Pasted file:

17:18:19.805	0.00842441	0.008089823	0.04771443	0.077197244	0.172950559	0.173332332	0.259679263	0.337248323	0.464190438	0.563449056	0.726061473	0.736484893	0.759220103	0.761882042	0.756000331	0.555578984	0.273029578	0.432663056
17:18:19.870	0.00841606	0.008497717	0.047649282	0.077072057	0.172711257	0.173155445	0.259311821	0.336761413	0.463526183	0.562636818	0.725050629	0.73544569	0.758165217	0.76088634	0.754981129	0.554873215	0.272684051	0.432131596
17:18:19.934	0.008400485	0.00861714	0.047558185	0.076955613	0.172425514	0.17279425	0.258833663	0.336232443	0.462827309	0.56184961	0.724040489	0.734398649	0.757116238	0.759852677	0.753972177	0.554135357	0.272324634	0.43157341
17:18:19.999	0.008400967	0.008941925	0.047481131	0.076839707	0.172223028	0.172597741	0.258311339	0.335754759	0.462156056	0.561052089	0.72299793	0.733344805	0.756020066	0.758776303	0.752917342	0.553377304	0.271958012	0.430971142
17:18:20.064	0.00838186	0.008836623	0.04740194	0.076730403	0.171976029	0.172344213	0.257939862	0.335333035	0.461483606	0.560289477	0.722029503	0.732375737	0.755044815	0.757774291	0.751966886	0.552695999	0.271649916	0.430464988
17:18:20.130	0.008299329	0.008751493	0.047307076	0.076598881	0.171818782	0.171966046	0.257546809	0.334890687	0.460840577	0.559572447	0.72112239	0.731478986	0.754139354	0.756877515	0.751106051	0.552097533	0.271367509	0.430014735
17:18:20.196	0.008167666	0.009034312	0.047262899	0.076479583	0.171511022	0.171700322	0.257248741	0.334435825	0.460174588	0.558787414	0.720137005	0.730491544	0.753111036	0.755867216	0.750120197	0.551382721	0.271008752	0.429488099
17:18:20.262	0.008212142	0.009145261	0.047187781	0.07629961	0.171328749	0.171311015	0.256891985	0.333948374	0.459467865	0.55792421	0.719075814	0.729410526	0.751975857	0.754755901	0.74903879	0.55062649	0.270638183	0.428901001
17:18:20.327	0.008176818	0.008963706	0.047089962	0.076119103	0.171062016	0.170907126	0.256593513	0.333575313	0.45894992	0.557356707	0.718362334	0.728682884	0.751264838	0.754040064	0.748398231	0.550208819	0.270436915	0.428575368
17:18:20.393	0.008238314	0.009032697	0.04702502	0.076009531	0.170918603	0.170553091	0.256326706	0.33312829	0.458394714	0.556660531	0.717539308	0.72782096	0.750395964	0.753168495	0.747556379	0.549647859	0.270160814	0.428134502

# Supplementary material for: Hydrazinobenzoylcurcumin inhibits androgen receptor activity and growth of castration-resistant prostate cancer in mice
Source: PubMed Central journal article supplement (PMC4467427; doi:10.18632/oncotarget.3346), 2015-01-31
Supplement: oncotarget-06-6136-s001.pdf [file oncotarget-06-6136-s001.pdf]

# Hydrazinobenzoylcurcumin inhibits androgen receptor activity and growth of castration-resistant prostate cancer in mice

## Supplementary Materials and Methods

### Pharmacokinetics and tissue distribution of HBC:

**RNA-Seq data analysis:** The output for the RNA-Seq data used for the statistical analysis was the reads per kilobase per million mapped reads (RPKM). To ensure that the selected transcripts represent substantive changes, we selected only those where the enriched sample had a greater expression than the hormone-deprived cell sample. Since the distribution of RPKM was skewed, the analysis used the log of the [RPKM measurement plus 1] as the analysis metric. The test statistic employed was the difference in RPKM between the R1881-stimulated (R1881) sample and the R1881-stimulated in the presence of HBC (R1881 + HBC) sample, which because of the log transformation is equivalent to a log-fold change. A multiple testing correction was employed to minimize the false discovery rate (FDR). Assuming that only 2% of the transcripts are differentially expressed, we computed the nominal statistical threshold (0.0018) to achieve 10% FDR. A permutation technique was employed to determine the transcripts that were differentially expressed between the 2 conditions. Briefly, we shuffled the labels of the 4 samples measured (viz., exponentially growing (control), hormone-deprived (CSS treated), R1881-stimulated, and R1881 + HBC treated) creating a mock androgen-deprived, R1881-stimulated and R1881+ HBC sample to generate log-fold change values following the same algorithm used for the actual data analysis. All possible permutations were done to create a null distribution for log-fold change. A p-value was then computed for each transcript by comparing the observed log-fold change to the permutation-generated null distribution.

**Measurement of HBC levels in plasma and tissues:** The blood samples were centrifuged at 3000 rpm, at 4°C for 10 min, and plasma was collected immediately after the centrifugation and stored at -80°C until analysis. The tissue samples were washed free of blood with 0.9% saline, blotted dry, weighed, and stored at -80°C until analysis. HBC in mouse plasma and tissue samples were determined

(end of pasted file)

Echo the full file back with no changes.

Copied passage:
17:18:19.805	0.00842441	0.008089823	0.04771443	0.077197244	0.172950559	0.173332332	0.259679263	0.337248323	0.464190438	0.563449056	0.726061473	0.736484893	0.759220103	0.761882042	0.756000331	0.555578984	0.273029578	0.432663056
17:18:19.870	0.00841606	0.008497717	0.047649282	0.077072057	0.172711257	0.173155445	0.259311821	0.336761413	0.463526183	0.562636818	0.725050629	0.73544569	0.758165217	0.76088634	0.754981129	0.554873215	0.272684051	0.432131596
17:18:19.934	0.008400485	0.00861714	0.047558185	0.076955613	0.172425514	0.17279425	0.258833663	0.336232443	0.462827309	0.56184961	0.724040489	0.734398649	0.757116238	0.759852677	0.753972177	0.554135357	0.272324634	0.43157341
17:18:19.999	0.008400967	0.008941925	0.047481131	0.076839707	0.172223028	0.172597741	0.258311339	0.335754759	0.462156056	0.561052089	0.72299793	0.733344805	0.756020066	0.758776303	0.752917342	0.553377304	0.271958012	0.430971142
17:18:20.064	0.00838186	0.008836623	0.04740194	0.076730403	0.171976029	0.172344213	0.257939862	0.335333035	0.461483606	0.560289477	0.722029503	0.732375737	0.755044815	0.757774291	0.751966886	0.552695999	0.271649916	0.430464988
17:18:20.130	0.008299329	0.008751493	0.047307076	0.076598881	0.171818782	0.171966046	0.257546809	0.334890687	0.460840577	0.559572447	0.72112239	0.731478986	0.754139354	0.756877515	0.751106051	0.552097533	0.271367509	0.430014735
17:18:20.196	0.008167666	0.009034312	0.047262899	0.076479583	0.171511022	0.171700322	0.257248741	0.334435825	0.460174588	0.558787414	0.720137005	0.730491544	0.753111036	0.755867216	0.750120197	0.551382721	0.271008752	0.429488099
17:18:20.262	0.008212142	0.009145261	0.047187781	0.07629961	0.171328749	0.171311015	0.256891985	0.333948374	0.459467865	0.55792421	0.719075814	0.729410526	0.751975857	0.754755901	0.74903879	0.55062649	0.270638183	0.428901001
17:18:20.327	0.008176818	0.008963706	0.047089962	0.076119103	0.171062016	0.170907126	0.256593513	0.333575313	0.45894992	0.557356707	0.718362334	0.728682884	0.751264838	0.754040064	0.748398231	0.550208819	0.270436915	0.428575368
17:18:20.393	0.008238314	0.009032697	0.04702502	0.076009531	0.170918603	0.170553091	0.256326706	0.33312829	0.458394714	0.556660531	0.717539308	0.72782096	0.750395964	0.753168495	0.747556379	0.549647859	0.270160814	0.428134502

# Supplementary material for: Hydrazinobenzoylcurcumin inhibits androgen receptor activity and growth of castration-resistant prostate cancer in mice
Source: PubMed Central journal article supplement (PMC4467427; doi:10.18632/oncotarget.3346), 2015-01-31
Supplement: oncotarget-06-6136-s001.pdf [file oncotarget-06-6136-s001.pdf]

# Hydrazinobenzoylcurcumin inhibits androgen receptor activity and growth of castration-resistant prostate cancer in mice

## Supplementary Materials and Methods

### Pharmacokinetics and tissue distribution of HBC:

**RNA-Seq data analysis:** The output for the RNA-Seq data used for the statistical analysis was the reads per kilobase per million mapped reads (RPKM). To ensure that the selected transcripts represent substantive changes, we selected only those where the enriched sample had a greater expression than the hormone-deprived cell sample. Since the distribution of RPKM was skewed, the analysis used the log of the [RPKM measurement plus 1] as the analysis metric. The test statistic employed was the difference in RPKM between the R1881-stimulated (R1881) sample and the R1881-stimulated in the presence of HBC (R1881 + HBC) sample, which because of the log transformation is equivalent to a log-fold change. A multiple testing correction was employed to minimize the false discovery rate (FDR). Assuming that only 2% of the transcripts are differentially expressed, we computed the nominal statistical threshold (0.0018) to achieve 10% FDR. A permutation technique was employed to determine the transcripts that were differentially expressed between the 2 conditions. Briefly, we shuffled the labels of the 4 samples measured (viz., exponentially growing (control), hormone-deprived (CSS treated), R1881-stimulated, and R1881 + HBC treated) creating a mock androgen-deprived, R1881-stimulated and R1881+ HBC sample to generate log-fold change values following the same algorithm used for the actual data analysis. All possible permutations were done to create a null distribution for log-fold change. A p-value was then computed for each transcript by comparing the observed log-fold change to the permutation-generated null distribution.

**Measurement of HBC levels in plasma and tissues:** The blood samples were centrifuged at 3000 rpm, at 4°C for 10 min, and plasma was collected immediately after the centrifugation and stored at -80°C until analysis. The tissue samples were washed free of blood with 0.9% saline, blotted dry, weighed, and stored at -80°C until analysis. HBC in mouse plasma and tissue samples were determined